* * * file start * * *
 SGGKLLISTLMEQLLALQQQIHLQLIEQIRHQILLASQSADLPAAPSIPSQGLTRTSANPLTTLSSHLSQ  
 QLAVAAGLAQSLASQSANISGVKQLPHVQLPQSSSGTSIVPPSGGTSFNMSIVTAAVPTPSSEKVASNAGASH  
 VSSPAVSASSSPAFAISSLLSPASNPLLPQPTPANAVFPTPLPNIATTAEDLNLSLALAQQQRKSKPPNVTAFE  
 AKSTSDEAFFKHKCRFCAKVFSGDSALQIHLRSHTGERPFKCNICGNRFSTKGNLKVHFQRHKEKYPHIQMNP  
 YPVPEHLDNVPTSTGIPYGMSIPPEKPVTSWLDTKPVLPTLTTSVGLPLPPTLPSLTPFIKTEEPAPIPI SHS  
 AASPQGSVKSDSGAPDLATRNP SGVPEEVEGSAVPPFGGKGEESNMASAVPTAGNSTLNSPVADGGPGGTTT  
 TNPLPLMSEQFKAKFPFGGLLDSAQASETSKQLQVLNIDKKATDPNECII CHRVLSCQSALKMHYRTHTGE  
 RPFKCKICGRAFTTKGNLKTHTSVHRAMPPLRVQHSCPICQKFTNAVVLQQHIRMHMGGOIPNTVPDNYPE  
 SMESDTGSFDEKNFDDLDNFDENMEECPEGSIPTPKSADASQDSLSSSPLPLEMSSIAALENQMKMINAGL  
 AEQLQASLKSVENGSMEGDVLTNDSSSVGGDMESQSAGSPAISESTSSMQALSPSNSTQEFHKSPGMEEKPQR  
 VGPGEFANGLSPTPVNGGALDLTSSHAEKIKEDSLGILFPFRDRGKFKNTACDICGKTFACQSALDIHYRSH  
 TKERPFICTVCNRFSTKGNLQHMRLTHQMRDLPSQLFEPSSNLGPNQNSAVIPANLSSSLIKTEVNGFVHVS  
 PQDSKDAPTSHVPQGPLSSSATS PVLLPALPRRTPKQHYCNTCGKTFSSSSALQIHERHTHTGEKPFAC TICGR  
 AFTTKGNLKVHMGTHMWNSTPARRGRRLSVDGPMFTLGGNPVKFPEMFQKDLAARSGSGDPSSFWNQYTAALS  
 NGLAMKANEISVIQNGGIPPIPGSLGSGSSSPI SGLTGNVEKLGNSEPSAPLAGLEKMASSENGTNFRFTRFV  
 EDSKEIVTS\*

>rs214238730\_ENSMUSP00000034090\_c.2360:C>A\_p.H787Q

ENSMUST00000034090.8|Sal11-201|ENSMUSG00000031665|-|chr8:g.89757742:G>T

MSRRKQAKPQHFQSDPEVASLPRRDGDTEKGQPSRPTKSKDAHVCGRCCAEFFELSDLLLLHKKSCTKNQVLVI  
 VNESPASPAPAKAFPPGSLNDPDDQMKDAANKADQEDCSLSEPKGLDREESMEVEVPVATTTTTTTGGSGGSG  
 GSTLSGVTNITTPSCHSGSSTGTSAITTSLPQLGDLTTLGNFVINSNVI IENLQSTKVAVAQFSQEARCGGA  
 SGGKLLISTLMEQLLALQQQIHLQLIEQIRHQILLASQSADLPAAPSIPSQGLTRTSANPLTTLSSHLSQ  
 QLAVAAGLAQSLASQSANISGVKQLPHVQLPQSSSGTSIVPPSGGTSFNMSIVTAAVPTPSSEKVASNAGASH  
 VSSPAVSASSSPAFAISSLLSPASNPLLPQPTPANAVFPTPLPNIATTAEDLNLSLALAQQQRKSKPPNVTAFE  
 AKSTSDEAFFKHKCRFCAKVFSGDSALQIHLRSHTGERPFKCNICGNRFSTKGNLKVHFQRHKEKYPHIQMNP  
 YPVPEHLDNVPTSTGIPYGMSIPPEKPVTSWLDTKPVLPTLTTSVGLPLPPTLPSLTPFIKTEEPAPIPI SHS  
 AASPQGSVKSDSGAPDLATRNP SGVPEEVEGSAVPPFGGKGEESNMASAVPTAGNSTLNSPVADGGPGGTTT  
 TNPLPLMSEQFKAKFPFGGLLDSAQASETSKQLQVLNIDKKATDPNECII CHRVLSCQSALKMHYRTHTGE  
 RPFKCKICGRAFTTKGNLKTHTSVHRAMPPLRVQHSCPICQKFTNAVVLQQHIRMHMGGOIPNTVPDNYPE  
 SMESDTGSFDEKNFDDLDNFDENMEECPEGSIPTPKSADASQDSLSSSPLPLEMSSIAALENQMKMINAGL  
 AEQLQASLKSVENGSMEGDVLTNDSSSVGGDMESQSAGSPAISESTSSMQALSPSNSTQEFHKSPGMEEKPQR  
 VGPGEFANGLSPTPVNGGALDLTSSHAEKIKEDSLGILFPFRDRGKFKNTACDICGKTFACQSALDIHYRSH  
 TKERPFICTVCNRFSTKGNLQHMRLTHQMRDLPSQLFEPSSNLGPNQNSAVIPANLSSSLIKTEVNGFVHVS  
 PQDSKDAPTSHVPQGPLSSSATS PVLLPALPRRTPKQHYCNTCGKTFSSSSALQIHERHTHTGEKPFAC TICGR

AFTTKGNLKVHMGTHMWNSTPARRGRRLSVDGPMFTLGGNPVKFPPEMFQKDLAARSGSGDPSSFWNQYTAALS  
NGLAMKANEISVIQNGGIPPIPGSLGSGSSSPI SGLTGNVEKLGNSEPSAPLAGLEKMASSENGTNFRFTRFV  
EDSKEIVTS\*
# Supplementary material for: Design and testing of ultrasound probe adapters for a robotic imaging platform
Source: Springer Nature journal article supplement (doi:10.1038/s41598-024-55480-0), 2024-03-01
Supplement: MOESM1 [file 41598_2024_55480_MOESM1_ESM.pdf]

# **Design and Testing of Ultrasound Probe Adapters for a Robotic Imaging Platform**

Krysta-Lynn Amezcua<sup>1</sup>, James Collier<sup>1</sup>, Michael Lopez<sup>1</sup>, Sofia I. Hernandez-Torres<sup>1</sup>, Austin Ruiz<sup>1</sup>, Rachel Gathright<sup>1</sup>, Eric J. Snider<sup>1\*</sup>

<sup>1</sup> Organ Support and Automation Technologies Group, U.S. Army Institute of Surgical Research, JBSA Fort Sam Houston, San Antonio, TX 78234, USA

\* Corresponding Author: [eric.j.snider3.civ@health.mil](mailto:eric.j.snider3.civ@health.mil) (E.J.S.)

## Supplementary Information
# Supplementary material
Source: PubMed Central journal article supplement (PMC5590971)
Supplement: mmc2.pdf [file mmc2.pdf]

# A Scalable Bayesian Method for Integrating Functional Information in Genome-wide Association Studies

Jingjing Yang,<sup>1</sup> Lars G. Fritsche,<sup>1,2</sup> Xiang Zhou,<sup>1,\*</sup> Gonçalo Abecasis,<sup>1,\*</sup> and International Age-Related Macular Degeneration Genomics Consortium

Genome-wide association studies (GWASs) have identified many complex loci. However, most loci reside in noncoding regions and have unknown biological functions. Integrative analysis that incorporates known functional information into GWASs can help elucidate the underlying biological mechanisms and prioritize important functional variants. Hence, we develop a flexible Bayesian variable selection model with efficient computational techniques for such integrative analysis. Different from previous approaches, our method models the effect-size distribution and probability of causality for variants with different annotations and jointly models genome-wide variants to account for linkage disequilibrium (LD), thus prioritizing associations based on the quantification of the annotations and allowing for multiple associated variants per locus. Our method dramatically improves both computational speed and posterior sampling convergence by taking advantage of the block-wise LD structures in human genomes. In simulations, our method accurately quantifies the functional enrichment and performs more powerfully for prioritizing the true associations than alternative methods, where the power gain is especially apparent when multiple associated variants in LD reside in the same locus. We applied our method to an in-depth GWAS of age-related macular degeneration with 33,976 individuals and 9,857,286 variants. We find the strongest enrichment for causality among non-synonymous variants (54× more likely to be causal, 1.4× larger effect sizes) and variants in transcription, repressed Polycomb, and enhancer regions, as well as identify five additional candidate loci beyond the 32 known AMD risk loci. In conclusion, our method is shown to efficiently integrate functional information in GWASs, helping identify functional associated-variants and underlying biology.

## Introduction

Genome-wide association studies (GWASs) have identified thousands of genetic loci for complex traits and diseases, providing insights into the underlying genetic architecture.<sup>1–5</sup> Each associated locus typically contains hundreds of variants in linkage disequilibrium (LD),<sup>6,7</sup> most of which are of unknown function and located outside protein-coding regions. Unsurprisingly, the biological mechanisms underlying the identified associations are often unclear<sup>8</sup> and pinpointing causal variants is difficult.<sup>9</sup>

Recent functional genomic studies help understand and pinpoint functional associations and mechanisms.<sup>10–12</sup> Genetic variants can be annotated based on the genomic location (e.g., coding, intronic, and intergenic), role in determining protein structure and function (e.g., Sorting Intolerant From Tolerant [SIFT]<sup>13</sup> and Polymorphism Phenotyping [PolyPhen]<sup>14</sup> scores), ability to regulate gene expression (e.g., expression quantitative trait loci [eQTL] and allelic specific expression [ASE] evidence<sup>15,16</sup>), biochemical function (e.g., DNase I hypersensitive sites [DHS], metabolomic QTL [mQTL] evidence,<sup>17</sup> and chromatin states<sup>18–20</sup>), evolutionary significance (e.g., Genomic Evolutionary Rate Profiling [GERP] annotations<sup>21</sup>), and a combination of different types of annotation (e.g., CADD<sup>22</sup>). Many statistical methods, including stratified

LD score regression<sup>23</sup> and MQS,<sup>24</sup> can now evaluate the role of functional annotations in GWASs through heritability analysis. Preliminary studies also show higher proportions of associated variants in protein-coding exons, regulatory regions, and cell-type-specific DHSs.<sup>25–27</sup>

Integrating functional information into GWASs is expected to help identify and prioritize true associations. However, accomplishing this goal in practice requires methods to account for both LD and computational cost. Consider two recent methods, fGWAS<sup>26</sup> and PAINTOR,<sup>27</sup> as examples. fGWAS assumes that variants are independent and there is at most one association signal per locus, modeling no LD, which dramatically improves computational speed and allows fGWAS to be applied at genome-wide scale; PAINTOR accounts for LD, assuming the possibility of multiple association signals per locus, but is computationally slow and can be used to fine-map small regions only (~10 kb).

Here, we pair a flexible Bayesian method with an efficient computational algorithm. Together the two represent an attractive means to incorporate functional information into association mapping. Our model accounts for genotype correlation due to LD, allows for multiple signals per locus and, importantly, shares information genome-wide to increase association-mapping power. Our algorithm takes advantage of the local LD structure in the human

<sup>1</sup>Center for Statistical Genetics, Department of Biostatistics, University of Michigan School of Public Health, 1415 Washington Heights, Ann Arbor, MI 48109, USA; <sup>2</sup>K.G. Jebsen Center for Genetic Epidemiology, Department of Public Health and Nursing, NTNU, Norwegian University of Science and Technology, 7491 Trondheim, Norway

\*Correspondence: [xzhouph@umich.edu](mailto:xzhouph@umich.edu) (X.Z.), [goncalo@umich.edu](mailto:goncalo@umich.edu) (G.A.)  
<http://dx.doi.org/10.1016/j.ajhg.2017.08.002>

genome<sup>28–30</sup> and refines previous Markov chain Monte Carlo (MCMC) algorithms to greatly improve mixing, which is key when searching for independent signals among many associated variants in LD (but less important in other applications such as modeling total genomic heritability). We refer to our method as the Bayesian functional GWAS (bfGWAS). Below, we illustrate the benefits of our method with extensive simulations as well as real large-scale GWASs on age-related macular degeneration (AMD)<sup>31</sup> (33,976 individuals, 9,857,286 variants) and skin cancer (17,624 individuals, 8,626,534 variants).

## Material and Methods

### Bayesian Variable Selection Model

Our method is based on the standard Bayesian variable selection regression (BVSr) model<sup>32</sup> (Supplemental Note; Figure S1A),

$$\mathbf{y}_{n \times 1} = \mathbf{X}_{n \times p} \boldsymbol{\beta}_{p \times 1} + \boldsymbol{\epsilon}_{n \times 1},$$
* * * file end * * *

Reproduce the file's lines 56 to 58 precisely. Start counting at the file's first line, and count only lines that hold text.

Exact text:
Integrating functional information into GWASs is expected to help identify and prioritize true associations. However, accomplishing this goal in practice requires methods to account for both LD and computational cost. Consider two recent methods, fGWAS<sup>26</sup> and PAINTOR,<sup>27</sup> as examples. fGWAS assumes that variants are independent and there is at most one association signal per locus, modeling no LD, which dramatically improves computational speed and allows fGWAS to be applied at genome-wide scale; PAINTOR accounts for LD, assuming the possibility of multiple association signals per locus, but is computationally slow and can be used to fine-map small regions only (~10 kb).

Here, we pair a flexible Bayesian method with an efficient computational algorithm. Together the two represent an attractive means to incorporate functional information into association mapping. Our model accounts for genotype correlation due to LD, allows for multiple signals per locus and, importantly, shares information genome-wide to increase association-mapping power. Our algorithm takes advantage of the local LD structure in the human

<sup>1</sup>Center for Statistical Genetics, Department of Biostatistics, University of Michigan School of Public Health, 1415 Washington Heights, Ann Arbor, MI 48109, USA; <sup>2</sup>K.G. Jebsen Center for Genetic Epidemiology, Department of Public Health and Nursing, NTNU, Norwegian University of Science and Technology, 7491 Trondheim, Norway